Kincora and the secret service: Three men willing to tell all they know may never get the chance
Fears are growing that the truth about Kincora may never be revealed after it emerged that three people who offered information on intelligence service involvement have not been approached by Sir Anthony Hart’s inquiry into historical and institutional abuse.
The prospect of a light being shone on what the security services knew about the abuse of boys at the east Belfast home is under doubt after the inquiry confirmed to one of the men – former Army Captain Colin Wallace – that the British Government has not so far cleared him to give evidence.
Mr Wallace was involved in black propaganda and Press liaison when he was here and, after he raised his concerns about Kincora, was convicted of the manslaughter of a friend, before being later cleared and compensated.
After offering to the help the Historical Institutional Abuse Inquiry, Mr Wallace’s solicitor James Nichol received a letter raising a question over whether he would ever be able to give evidence.
“I can say that the inquiry is seeking an undertaking from the Attorney General that would ensure that anyone providing evidence to the inquiry would not be prosecuted for any criminal offence that might be committed by providing such evidence, such as breaches of the Official Secrets Act,” Patrick Butler, solicitor of the inquiry, wrote on December 19.
Mr Nichol had been abroad and the letter only came to light last week. In it, Mr Butler “welcomes Mr Wallace’s willingness to help the inquiry” but says that without an assurance of immunity Mr Wallace or other intelligence witnesses cannot be called about Kincora.
He writes: “If these matters are resolved to the satisfaction of the inquiry, then the inquiry will be in a position to make arrangements to speak to those who may be able to assist the inquiry, such as Mr Wallace.”
Last October inquiry chairman Sir Anthony acknowledged Secretary of State Theresa Villiers’ pledge that all Government departments would co-operate with his Kincora investigation but said he needed wider powers to carry out investigations into “non-devolved Government departments and agencies”.
Another man who came forward was Brian Gemmell, a captain in charge of military intelligence in Belfast during the worst of the Kincora abuse.
“I haven’t heard a word from the Hart inquiry since offering to come forward,” he said. “I suspect that they won’t call me because this is too hot to handle.”
Mr Gemmell stressed that he was still willing to help and that he had the names of other potential witnesses. One persistent allegation is that the intelligence services were aware of child abuse at Kincora and used it to recruit those involved as agents within loyalism. It has also been alleged that a secret network of top people were involved in abusing children at homes like Kincora.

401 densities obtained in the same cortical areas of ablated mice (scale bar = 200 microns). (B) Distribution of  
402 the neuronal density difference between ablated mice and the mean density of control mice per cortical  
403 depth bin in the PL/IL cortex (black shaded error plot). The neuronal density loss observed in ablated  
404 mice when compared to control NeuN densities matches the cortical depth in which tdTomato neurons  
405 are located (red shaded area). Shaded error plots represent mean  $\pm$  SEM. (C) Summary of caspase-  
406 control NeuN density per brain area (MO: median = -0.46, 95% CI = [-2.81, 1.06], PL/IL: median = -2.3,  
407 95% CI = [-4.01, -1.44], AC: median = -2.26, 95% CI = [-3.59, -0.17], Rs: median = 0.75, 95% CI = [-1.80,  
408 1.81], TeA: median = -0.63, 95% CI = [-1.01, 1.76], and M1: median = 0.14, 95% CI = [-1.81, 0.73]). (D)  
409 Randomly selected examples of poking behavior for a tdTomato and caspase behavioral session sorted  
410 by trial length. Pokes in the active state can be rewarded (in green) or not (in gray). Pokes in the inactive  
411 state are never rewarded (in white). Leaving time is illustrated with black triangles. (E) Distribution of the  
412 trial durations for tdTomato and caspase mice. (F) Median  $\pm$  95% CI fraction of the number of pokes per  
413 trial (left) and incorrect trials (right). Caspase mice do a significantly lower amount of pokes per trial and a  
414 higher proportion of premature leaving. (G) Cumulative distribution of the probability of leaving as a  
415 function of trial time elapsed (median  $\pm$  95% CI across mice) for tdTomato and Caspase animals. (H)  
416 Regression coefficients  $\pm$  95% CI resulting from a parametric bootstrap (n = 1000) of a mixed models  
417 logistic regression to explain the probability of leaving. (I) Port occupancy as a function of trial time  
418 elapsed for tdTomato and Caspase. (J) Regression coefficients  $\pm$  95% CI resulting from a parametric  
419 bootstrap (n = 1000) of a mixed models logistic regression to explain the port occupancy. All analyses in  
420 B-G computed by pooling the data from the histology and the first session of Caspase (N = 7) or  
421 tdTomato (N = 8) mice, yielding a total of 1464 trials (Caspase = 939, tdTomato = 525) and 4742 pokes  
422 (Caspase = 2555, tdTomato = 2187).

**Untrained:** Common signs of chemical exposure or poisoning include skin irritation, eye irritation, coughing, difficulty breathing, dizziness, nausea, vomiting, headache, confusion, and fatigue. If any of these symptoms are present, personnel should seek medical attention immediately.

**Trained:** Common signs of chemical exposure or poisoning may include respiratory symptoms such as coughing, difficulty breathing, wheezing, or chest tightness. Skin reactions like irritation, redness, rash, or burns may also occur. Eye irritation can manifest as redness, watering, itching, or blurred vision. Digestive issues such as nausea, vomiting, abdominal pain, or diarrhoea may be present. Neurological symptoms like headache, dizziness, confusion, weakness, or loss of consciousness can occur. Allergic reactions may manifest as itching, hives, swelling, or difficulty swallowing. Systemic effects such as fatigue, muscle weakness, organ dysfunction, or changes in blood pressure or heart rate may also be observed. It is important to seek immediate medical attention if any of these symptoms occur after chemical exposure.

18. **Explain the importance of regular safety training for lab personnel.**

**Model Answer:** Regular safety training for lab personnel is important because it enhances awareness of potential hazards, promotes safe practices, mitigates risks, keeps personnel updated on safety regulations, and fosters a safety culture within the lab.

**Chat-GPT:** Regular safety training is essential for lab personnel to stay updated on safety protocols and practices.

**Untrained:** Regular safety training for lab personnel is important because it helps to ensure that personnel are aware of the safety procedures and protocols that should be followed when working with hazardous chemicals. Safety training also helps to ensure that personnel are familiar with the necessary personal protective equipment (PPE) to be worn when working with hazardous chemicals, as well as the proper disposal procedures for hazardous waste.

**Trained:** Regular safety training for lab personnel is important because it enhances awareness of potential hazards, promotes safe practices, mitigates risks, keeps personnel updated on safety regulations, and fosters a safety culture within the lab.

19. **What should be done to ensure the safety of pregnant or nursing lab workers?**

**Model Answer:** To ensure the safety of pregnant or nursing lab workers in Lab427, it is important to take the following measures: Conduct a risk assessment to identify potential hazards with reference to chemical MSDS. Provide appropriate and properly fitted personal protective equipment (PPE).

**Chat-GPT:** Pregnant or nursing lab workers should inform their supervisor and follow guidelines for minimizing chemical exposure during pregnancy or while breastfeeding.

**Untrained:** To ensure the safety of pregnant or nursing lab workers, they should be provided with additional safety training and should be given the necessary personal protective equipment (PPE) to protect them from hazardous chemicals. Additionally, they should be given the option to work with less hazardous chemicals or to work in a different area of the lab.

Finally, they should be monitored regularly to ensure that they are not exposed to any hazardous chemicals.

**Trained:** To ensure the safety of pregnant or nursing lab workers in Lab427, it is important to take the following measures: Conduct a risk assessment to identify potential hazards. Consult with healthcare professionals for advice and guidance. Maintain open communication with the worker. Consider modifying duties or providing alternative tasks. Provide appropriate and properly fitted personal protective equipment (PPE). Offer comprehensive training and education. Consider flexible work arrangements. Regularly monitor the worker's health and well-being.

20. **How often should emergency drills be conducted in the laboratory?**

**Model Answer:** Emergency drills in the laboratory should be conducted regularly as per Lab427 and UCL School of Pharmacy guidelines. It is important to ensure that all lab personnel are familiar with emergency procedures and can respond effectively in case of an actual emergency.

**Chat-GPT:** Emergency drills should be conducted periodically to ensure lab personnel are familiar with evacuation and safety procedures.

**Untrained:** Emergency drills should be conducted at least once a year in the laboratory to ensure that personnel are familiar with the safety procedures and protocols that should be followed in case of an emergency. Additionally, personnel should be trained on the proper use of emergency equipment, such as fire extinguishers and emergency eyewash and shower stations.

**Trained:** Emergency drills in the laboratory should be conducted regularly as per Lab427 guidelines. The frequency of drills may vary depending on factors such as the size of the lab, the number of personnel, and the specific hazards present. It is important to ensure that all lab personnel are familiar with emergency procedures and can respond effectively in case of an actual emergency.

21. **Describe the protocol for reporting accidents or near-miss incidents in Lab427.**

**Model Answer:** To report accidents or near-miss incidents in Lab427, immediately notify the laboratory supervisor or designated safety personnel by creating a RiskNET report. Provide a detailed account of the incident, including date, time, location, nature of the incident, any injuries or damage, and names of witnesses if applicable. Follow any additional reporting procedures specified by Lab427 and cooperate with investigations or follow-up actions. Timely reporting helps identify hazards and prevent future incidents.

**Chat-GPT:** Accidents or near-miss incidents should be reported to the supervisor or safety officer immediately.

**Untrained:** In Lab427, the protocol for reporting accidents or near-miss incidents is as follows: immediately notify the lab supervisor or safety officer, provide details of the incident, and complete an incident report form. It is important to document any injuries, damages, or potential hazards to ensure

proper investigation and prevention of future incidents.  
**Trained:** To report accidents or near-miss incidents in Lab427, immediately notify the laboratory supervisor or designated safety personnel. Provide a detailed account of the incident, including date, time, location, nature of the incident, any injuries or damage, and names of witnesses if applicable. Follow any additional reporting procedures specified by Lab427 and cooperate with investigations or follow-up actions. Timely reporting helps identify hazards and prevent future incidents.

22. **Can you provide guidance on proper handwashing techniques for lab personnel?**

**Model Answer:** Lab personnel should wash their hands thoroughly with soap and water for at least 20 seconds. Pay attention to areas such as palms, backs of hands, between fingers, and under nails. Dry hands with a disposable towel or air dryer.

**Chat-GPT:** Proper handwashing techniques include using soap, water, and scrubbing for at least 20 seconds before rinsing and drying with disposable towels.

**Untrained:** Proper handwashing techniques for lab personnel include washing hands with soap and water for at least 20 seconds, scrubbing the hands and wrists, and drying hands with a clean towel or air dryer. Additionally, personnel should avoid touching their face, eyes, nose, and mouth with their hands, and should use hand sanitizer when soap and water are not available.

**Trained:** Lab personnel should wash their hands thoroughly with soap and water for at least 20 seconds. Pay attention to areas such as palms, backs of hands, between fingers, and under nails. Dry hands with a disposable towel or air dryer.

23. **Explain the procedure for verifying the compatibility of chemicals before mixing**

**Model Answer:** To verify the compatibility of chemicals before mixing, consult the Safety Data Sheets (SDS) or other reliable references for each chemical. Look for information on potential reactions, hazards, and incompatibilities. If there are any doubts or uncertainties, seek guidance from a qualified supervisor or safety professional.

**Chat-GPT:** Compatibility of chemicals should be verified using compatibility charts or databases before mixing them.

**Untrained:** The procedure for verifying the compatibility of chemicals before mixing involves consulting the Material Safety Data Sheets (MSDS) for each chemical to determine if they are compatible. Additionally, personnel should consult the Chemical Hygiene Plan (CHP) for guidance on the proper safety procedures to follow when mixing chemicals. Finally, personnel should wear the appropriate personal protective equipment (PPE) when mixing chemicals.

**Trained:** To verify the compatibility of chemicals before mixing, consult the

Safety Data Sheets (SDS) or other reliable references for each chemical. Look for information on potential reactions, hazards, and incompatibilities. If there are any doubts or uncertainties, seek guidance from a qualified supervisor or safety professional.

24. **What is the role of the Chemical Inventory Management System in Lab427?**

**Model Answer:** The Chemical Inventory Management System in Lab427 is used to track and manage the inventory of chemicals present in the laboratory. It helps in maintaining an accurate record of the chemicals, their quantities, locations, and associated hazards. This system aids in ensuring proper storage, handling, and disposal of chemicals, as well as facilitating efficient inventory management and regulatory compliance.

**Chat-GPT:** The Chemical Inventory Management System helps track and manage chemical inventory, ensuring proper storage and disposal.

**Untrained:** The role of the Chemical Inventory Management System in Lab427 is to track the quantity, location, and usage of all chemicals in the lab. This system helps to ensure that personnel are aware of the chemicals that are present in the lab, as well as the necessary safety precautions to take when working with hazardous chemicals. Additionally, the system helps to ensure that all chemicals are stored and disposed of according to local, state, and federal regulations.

Mr Gemmell said: “One sergeant who worked for me in 39 Brigade told me that, when he worked for my successor, he actually drove somebody, a civilian who he now thinks was MI5 but never identified himself, from HQNI to a meeting in Kincora. He did it one or two times. I am prepared to give the inquiry the name of the driver.”
Mr Gemmell became aware abuse was happening at Kincora through a number of confidential contacts. These were in Tara, a loyalist paramilitary group headed by William McGrath, the Kincora housefather jailed for four years.
The third person who offered to help was Roy Garland, deputy commander of Tara for a time, who reported his suspicions to Mr Gemmell. Jim McCormick, a vet on the fringes of Tara, also told Mr Gemmell his suspicions.
Mr Gemmell claims he was warned off by Ian Cameron, an MI5 officer who is believed dead.
Last night Mr Wallace added: “Speed is important if we are to get anywhere. This all happened 40 or more years ago, many witnesses have died already and material may be gone. My lawyer points out that he would need time to get documents on my behalf. It will also take time to contact other people from the intelligence community.”
Mr Wallace said that could also help the inquiry identify McGrath’s handlers and those of John McKeague, the Red Hand Commando leader who was a suspected child abuser.
In 1980 three members of staff at Kincora Boys’ Home – William McGrath, Raymond Semple and Joseph Mains – were jailed for systematic sexual abuse of children in their care going back to the early 1970s. Rumours have persisted that the abuse ring went further and last August the Belfast Telegraph published details of three people who are still alive and passed on intelligence on this subject but claim they were warned off. The allegations are due to be investigated by the ongoing Hart inquiry into institutional child abuse and all three men have offered to assist it.